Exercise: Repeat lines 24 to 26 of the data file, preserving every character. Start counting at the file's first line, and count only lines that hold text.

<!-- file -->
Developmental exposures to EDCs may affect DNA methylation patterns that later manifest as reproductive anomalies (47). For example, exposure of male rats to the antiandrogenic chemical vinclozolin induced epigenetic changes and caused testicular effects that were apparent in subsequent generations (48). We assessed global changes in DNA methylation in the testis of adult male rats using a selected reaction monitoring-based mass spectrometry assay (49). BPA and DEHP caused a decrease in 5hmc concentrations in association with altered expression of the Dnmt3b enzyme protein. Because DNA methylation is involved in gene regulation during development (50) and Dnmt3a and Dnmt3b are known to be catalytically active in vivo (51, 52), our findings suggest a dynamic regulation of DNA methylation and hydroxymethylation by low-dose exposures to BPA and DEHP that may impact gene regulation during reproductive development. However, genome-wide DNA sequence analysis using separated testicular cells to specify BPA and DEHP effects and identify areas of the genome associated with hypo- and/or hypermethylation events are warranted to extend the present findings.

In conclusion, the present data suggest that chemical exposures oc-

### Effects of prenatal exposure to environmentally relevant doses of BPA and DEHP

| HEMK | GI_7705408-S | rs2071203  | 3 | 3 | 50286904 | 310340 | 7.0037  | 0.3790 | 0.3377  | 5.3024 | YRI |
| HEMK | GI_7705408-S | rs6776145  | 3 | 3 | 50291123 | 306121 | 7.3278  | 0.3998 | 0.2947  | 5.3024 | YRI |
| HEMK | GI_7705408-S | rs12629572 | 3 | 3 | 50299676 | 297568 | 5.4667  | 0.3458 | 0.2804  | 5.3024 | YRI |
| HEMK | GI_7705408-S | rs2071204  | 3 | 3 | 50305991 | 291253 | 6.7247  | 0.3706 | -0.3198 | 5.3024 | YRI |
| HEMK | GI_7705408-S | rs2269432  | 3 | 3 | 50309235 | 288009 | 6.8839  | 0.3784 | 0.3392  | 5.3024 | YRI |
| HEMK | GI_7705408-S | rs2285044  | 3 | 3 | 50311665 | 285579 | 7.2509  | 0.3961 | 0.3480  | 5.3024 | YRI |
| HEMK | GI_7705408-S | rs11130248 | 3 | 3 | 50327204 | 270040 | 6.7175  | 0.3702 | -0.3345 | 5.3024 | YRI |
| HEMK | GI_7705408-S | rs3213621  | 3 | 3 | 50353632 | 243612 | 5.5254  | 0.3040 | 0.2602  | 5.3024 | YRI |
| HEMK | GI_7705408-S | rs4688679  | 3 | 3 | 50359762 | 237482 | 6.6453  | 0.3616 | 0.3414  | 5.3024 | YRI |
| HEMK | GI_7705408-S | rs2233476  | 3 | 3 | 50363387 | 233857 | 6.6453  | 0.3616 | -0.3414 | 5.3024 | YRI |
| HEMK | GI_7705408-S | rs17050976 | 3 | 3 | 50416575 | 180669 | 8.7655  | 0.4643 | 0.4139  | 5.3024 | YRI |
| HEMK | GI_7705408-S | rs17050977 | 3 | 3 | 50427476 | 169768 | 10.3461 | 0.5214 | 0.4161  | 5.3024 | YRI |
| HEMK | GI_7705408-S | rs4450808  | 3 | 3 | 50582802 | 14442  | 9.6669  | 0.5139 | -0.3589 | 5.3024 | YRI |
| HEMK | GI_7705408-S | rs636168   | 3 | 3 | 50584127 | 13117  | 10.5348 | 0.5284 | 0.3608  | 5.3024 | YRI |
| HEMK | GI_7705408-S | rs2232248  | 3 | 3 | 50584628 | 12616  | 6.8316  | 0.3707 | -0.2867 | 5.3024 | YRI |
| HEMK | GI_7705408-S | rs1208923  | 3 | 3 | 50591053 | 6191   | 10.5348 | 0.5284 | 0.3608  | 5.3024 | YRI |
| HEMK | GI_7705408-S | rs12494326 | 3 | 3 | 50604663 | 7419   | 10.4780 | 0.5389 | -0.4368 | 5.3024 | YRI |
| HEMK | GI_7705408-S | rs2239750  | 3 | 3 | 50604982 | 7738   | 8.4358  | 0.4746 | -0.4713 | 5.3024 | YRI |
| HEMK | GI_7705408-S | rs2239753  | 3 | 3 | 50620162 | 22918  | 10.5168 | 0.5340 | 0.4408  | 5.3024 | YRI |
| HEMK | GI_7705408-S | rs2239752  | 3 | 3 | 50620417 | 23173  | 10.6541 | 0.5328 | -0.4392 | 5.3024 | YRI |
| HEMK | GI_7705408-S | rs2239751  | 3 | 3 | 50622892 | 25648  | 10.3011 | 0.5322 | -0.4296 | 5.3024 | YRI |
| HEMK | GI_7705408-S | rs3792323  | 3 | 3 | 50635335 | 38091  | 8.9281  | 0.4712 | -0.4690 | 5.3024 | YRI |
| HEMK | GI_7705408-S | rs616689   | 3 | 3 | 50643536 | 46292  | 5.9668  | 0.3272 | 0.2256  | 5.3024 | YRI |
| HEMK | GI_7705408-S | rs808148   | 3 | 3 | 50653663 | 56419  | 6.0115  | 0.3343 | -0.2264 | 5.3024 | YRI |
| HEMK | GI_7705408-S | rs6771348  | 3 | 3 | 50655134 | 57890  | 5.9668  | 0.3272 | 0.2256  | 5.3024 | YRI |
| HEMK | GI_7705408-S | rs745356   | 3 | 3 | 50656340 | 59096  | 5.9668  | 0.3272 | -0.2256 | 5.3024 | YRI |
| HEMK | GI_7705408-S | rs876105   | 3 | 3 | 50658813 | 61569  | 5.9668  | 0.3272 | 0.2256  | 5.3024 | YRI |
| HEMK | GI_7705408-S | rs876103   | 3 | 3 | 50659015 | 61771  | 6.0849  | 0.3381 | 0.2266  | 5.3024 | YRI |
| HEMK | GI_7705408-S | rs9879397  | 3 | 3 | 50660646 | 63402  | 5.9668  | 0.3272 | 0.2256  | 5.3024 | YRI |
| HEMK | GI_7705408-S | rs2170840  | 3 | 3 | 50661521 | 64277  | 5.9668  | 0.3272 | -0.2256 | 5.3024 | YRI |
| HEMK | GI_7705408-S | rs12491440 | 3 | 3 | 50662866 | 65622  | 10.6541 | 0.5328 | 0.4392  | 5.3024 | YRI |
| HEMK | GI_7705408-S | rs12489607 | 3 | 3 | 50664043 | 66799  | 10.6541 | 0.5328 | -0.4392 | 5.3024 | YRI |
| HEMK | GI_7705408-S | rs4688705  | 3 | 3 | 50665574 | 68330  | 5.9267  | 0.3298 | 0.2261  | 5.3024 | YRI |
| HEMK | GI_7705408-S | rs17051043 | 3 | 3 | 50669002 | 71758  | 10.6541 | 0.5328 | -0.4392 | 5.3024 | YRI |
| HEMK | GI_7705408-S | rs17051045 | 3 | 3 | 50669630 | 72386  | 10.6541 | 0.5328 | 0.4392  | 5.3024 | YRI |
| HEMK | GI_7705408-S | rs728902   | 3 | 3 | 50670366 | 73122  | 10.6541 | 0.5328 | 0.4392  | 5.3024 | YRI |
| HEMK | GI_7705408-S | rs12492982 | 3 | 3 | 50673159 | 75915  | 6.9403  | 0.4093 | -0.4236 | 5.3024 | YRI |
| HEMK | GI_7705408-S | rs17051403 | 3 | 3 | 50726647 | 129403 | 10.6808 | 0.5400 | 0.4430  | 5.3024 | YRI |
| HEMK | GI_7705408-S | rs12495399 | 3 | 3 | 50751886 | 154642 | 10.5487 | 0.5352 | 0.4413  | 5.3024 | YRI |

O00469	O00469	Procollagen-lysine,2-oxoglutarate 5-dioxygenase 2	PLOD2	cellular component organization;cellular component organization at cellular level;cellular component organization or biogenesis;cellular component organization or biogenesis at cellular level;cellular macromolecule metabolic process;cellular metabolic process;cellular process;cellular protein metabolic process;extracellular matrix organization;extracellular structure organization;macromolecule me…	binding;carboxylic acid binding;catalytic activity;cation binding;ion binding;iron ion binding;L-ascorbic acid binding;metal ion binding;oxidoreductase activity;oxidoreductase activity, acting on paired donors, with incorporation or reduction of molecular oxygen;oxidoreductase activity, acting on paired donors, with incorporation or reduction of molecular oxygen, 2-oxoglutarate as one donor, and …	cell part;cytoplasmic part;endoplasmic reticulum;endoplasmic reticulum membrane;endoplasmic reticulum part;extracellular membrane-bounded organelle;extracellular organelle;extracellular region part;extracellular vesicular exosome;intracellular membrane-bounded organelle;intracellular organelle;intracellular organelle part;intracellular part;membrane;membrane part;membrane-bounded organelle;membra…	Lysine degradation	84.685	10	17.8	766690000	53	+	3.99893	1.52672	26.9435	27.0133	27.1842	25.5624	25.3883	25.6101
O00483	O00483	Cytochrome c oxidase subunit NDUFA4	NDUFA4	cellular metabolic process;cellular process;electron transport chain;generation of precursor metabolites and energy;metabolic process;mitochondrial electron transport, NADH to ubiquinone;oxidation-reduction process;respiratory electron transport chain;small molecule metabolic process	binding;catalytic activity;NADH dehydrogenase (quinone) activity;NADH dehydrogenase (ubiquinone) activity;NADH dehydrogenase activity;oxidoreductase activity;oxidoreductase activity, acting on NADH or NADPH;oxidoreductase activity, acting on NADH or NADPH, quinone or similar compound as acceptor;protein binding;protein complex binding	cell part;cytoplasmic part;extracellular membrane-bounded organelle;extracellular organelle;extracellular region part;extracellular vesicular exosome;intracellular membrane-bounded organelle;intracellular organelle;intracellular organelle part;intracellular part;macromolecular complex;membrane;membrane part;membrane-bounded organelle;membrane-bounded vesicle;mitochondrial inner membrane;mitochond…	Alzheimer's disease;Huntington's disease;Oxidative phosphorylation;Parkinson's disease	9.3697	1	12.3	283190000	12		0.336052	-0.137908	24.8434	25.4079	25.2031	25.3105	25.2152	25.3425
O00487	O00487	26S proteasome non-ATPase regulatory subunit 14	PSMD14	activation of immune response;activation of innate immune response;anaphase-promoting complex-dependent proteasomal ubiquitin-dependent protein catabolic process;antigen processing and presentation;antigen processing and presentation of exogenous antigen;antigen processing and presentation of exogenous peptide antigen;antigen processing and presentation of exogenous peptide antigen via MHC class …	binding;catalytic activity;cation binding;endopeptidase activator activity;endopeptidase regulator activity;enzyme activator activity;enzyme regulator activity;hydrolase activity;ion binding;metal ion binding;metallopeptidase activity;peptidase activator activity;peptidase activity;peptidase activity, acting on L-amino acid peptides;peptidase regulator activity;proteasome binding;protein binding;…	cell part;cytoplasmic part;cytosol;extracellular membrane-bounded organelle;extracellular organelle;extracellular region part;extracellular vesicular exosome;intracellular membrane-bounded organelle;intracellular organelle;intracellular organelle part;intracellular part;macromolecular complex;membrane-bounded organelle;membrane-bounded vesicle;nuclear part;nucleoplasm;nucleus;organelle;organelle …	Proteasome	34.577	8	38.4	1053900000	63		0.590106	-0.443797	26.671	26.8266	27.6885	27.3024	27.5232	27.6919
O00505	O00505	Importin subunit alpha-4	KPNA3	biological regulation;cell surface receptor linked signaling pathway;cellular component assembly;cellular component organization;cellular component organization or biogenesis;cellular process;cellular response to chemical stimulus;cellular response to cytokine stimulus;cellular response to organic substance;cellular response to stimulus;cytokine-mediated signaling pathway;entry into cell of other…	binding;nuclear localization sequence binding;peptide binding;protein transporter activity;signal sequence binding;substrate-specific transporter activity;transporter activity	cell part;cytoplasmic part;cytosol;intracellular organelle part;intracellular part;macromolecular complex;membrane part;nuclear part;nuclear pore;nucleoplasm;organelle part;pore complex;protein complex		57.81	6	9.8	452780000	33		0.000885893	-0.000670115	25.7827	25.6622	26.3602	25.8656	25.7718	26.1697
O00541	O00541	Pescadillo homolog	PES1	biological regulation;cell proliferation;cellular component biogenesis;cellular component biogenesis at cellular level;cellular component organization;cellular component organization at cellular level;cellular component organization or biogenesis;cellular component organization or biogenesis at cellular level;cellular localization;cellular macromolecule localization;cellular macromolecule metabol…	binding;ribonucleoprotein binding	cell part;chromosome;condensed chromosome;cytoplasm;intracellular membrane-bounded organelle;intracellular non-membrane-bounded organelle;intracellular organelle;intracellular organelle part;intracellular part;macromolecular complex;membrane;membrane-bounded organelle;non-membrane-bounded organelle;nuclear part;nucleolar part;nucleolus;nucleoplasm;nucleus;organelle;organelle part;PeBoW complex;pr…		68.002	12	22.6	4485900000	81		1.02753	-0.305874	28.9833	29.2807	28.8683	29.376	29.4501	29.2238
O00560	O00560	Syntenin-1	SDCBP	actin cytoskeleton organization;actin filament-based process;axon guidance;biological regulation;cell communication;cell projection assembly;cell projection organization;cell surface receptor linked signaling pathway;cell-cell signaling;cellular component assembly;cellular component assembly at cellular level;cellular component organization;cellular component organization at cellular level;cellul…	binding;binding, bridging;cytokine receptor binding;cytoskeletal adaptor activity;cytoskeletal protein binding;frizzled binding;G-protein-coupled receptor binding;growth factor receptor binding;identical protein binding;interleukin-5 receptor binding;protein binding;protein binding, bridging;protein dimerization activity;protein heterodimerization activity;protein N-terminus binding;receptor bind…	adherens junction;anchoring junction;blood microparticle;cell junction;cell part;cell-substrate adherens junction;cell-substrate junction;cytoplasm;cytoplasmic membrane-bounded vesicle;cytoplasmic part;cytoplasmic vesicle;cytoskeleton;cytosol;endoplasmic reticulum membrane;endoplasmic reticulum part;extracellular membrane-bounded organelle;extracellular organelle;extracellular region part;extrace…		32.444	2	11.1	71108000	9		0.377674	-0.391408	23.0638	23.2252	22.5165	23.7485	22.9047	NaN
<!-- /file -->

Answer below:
| HEMK | GI_7705408-S | rs2239751  | 3 | 3 | 50622892 | 25648  | 10.3011 | 0.5322 | -0.4296 | 5.3024 | YRI |
| HEMK | GI_7705408-S | rs3792323  | 3 | 3 | 50635335 | 38091  | 8.9281  | 0.4712 | -0.4690 | 5.3024 | YRI |
| HEMK | GI_7705408-S | rs616689   | 3 | 3 | 50643536 | 46292  | 5.9668  | 0.3272 | 0.2256  | 5.3024 | YRI |